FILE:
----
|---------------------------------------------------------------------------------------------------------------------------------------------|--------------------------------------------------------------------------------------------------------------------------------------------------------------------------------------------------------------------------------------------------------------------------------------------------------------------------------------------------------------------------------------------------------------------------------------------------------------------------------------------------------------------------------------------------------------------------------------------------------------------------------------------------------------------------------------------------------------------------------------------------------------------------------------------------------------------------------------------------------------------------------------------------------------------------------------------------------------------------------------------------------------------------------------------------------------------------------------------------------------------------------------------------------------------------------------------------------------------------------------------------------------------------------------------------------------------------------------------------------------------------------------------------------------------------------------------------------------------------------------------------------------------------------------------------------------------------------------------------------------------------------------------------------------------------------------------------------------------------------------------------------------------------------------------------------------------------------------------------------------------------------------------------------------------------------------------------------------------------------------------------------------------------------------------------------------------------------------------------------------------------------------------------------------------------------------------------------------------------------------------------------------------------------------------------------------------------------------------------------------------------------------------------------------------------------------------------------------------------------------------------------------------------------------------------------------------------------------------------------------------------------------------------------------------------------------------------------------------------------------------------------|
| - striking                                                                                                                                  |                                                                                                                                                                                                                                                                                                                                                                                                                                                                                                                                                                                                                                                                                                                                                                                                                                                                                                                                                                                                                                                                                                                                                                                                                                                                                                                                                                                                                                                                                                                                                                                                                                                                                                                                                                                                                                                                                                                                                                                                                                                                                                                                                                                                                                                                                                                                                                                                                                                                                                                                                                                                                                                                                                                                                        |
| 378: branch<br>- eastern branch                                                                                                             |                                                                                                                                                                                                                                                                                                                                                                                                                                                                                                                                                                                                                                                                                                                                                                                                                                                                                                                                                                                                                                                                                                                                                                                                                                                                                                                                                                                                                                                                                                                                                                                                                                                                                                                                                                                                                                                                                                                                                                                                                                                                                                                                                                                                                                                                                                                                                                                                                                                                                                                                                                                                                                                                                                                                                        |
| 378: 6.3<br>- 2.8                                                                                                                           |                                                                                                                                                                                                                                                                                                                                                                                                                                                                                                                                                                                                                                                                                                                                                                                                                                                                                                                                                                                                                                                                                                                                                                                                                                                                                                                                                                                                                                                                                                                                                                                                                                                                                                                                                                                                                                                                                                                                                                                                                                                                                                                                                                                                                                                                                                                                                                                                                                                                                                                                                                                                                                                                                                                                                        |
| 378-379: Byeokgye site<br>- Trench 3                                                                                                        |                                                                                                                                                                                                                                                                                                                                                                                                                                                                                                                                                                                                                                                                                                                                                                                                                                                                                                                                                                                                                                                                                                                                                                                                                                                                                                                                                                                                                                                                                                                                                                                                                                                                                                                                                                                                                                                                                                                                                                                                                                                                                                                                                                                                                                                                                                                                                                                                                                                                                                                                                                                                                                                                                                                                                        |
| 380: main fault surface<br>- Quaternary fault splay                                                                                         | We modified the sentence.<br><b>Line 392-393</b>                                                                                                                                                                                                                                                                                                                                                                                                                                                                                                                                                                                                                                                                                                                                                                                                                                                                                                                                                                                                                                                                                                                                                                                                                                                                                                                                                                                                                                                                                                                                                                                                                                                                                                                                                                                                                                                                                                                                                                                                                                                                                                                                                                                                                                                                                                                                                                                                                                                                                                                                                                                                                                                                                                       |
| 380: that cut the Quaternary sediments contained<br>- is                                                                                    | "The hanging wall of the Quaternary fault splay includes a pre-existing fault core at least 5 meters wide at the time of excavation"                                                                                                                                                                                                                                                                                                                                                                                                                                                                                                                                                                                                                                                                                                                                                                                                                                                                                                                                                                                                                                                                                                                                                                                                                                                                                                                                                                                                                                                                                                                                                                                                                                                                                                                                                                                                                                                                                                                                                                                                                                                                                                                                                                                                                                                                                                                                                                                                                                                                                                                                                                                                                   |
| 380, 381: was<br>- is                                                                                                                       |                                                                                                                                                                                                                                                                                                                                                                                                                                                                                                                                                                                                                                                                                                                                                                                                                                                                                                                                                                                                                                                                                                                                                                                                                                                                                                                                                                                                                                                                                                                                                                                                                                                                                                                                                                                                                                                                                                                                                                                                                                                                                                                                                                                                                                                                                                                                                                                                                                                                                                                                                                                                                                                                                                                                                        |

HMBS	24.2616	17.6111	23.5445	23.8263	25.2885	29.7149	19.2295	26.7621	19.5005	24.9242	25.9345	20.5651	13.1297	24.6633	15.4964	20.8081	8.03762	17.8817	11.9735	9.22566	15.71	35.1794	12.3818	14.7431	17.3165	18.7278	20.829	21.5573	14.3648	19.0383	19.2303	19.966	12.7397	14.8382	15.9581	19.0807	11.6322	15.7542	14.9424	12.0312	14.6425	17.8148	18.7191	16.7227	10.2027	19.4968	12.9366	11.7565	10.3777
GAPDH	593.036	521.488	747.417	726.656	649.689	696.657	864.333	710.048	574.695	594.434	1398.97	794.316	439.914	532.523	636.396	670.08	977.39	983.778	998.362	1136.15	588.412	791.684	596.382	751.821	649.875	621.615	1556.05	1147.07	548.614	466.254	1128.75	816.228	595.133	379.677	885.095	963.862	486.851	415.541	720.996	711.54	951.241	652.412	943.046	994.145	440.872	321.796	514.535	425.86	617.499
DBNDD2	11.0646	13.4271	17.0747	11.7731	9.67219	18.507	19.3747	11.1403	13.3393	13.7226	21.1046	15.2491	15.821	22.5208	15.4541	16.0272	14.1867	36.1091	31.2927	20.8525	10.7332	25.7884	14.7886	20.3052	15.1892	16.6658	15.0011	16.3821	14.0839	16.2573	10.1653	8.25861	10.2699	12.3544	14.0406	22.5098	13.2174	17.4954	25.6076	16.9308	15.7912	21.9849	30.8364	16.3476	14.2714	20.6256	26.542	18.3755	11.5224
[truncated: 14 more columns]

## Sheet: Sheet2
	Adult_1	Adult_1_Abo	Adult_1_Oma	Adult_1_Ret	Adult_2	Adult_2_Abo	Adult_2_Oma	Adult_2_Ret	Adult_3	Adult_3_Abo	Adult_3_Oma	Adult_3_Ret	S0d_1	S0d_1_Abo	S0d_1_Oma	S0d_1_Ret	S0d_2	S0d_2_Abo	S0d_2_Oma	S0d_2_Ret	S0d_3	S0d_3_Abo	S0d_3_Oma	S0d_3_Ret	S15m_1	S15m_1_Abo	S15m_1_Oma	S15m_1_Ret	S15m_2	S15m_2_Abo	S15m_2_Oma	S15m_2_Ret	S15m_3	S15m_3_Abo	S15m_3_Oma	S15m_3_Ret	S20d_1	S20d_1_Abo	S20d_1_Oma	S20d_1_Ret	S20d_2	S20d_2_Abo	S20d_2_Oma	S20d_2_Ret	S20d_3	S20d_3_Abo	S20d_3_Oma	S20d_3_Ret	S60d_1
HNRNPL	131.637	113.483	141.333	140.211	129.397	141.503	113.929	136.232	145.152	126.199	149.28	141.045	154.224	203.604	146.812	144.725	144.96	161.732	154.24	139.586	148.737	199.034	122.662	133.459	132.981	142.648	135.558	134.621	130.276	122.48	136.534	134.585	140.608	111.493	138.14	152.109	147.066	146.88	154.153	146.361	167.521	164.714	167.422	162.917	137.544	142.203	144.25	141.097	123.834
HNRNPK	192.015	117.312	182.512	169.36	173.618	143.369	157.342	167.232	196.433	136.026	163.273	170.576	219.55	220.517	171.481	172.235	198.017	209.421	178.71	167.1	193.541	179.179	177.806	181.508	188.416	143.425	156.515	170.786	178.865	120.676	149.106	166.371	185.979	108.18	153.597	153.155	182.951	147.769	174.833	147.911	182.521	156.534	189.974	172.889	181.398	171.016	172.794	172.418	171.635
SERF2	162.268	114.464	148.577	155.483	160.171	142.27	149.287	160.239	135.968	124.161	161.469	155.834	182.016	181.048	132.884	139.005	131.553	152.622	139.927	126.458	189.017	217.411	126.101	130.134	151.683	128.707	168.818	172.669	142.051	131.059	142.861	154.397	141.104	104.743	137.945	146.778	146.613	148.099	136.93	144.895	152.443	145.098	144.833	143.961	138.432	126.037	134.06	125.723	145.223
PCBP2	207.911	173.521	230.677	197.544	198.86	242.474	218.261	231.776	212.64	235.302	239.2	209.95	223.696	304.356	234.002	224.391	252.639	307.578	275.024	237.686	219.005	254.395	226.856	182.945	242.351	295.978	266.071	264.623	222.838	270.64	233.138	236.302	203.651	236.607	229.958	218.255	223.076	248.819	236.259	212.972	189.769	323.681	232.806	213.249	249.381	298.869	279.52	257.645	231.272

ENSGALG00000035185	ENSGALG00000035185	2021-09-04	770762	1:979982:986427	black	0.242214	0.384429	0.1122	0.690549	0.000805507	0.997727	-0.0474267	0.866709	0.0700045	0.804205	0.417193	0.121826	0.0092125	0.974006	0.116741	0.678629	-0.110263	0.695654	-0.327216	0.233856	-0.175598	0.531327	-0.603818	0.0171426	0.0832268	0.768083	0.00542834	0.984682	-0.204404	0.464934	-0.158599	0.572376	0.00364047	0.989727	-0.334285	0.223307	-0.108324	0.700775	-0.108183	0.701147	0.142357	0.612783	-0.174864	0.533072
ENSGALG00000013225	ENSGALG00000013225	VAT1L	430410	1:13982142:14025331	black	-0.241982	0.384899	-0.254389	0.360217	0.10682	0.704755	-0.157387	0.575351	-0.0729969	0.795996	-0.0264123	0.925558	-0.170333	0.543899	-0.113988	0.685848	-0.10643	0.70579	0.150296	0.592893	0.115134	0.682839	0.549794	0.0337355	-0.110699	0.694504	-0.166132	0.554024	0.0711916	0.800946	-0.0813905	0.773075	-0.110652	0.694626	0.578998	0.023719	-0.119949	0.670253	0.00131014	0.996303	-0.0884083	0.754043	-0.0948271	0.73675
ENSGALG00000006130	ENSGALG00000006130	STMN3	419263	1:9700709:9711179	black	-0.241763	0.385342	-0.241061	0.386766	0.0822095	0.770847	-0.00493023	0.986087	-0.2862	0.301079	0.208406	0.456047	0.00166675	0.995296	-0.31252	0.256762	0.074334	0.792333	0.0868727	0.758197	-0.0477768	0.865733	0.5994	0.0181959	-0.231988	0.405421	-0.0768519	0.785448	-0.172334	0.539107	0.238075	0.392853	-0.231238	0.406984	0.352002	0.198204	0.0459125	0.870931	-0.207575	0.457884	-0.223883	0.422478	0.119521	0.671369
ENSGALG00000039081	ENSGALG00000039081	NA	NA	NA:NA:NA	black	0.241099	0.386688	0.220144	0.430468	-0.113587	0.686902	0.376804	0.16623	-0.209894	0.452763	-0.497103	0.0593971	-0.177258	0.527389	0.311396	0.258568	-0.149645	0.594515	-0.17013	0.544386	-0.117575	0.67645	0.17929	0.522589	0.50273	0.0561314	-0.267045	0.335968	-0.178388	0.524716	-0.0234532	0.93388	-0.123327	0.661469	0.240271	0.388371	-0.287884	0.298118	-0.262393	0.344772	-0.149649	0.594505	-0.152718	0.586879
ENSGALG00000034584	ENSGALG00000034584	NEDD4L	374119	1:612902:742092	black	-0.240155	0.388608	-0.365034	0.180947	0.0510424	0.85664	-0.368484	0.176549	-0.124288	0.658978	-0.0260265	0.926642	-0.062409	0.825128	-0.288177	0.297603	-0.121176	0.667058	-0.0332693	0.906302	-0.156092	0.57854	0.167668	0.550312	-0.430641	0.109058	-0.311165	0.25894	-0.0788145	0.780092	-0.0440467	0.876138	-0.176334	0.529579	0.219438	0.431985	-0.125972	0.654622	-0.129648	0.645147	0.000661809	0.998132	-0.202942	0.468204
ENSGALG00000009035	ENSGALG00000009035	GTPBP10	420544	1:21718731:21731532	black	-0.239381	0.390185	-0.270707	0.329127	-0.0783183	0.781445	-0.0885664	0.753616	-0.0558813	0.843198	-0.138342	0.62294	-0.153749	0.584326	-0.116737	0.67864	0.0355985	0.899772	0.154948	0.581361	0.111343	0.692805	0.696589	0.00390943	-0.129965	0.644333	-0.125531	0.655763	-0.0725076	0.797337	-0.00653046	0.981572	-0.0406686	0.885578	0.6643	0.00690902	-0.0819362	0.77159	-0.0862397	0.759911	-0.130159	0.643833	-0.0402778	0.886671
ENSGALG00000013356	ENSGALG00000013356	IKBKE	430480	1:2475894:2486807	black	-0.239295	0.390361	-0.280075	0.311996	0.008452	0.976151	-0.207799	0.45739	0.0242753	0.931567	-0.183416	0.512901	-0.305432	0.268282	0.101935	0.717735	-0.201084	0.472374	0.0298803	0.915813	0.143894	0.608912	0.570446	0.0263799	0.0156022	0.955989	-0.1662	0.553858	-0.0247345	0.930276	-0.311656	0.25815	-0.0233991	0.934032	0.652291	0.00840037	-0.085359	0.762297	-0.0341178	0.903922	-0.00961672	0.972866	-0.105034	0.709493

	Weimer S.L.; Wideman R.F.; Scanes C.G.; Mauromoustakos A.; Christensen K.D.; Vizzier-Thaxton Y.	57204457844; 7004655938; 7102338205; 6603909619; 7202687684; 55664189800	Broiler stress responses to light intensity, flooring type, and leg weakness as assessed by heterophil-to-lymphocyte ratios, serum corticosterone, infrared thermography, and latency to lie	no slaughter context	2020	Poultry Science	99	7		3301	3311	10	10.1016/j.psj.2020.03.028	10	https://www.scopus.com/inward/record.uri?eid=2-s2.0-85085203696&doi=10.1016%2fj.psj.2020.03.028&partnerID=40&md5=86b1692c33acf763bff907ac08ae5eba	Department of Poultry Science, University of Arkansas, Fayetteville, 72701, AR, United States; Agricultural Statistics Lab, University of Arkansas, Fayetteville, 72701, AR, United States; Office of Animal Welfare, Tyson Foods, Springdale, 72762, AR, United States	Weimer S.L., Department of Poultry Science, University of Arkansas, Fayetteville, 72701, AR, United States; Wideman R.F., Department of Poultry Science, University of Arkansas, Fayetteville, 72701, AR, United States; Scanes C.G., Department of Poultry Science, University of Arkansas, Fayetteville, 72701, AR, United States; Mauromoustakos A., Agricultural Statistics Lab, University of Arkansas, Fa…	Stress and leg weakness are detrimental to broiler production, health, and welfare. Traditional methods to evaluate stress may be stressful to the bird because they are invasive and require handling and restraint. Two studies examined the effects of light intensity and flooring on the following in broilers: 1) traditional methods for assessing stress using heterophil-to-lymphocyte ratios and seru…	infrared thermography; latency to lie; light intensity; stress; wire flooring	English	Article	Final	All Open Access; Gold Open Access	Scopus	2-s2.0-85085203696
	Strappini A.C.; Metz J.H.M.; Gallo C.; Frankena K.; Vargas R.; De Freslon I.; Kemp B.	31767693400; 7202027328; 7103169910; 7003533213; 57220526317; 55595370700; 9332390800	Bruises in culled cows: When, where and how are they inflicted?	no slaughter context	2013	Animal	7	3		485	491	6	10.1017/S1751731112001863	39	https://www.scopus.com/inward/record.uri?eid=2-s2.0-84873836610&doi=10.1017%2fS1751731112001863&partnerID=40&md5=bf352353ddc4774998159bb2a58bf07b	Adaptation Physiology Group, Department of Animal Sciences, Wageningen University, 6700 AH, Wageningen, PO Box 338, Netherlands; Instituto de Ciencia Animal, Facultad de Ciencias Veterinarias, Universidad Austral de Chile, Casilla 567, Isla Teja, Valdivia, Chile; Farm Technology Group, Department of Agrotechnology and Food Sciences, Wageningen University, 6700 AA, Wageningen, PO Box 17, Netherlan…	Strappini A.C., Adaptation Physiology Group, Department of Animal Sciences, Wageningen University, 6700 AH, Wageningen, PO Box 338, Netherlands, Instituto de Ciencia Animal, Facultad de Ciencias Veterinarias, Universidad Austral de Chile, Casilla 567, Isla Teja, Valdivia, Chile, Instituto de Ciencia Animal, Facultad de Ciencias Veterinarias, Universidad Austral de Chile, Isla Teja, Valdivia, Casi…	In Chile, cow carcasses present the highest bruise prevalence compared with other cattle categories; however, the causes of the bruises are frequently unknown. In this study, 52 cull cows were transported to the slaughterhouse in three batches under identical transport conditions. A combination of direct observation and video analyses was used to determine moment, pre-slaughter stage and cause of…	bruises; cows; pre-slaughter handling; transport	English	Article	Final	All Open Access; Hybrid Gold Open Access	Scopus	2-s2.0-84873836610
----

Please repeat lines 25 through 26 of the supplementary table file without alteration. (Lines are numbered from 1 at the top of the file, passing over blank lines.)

ENSGALG00000013356	ENSGALG00000013356	IKBKE	430480	1:2475894:2486807	black	-0.239295	0.390361	-0.280075	0.311996	0.008452	0.976151	-0.207799	0.45739	0.0242753	0.931567	-0.183416	0.512901	-0.305432	0.268282	0.101935	0.717735	-0.201084	0.472374	0.0298803	0.915813	0.143894	0.608912	0.570446	0.0263799	0.0156022	0.955989	-0.1662	0.553858	-0.0247345	0.930276	-0.311656	0.25815	-0.0233991	0.934032	0.652291	0.00840037	-0.085359	0.762297	-0.0341178	0.903922	-0.00961672	0.972866	-0.105034	0.709493

	Weimer S.L.; Wideman R.F.; Scanes C.G.; Mauromoustakos A.; Christensen K.D.; Vizzier-Thaxton Y.	57204457844; 7004655938; 7102338205; 6603909619; 7202687684; 55664189800	Broiler stress responses to light intensity, flooring type, and leg weakness as assessed by heterophil-to-lymphocyte ratios, serum corticosterone, infrared thermography, and latency to lie	no slaughter context	2020	Poultry Science	99	7		3301	3311	10	10.1016/j.psj.2020.03.028	10	https://www.scopus.com/inward/record.uri?eid=2-s2.0-85085203696&doi=10.1016%2fj.psj.2020.03.028&partnerID=40&md5=86b1692c33acf763bff907ac08ae5eba	Department of Poultry Science, University of Arkansas, Fayetteville, 72701, AR, United States; Agricultural Statistics Lab, University of Arkansas, Fayetteville, 72701, AR, United States; Office of Animal Welfare, Tyson Foods, Springdale, 72762, AR, United States	Weimer S.L., Department of Poultry Science, University of Arkansas, Fayetteville, 72701, AR, United States; Wideman R.F., Department of Poultry Science, University of Arkansas, Fayetteville, 72701, AR, United States; Scanes C.G., Department of Poultry Science, University of Arkansas, Fayetteville, 72701, AR, United States; Mauromoustakos A., Agricultural Statistics Lab, University of Arkansas, Fa…	Stress and leg weakness are detrimental to broiler production, health, and welfare. Traditional methods to evaluate stress may be stressful to the bird because they are invasive and require handling and restraint. Two studies examined the effects of light intensity and flooring on the following in broilers: 1) traditional methods for assessing stress using heterophil-to-lymphocyte ratios and seru…	infrared thermography; latency to lie; light intensity; stress; wire flooring	English	Article	Final	All Open Access; Gold Open Access	Scopus	2-s2.0-85085203696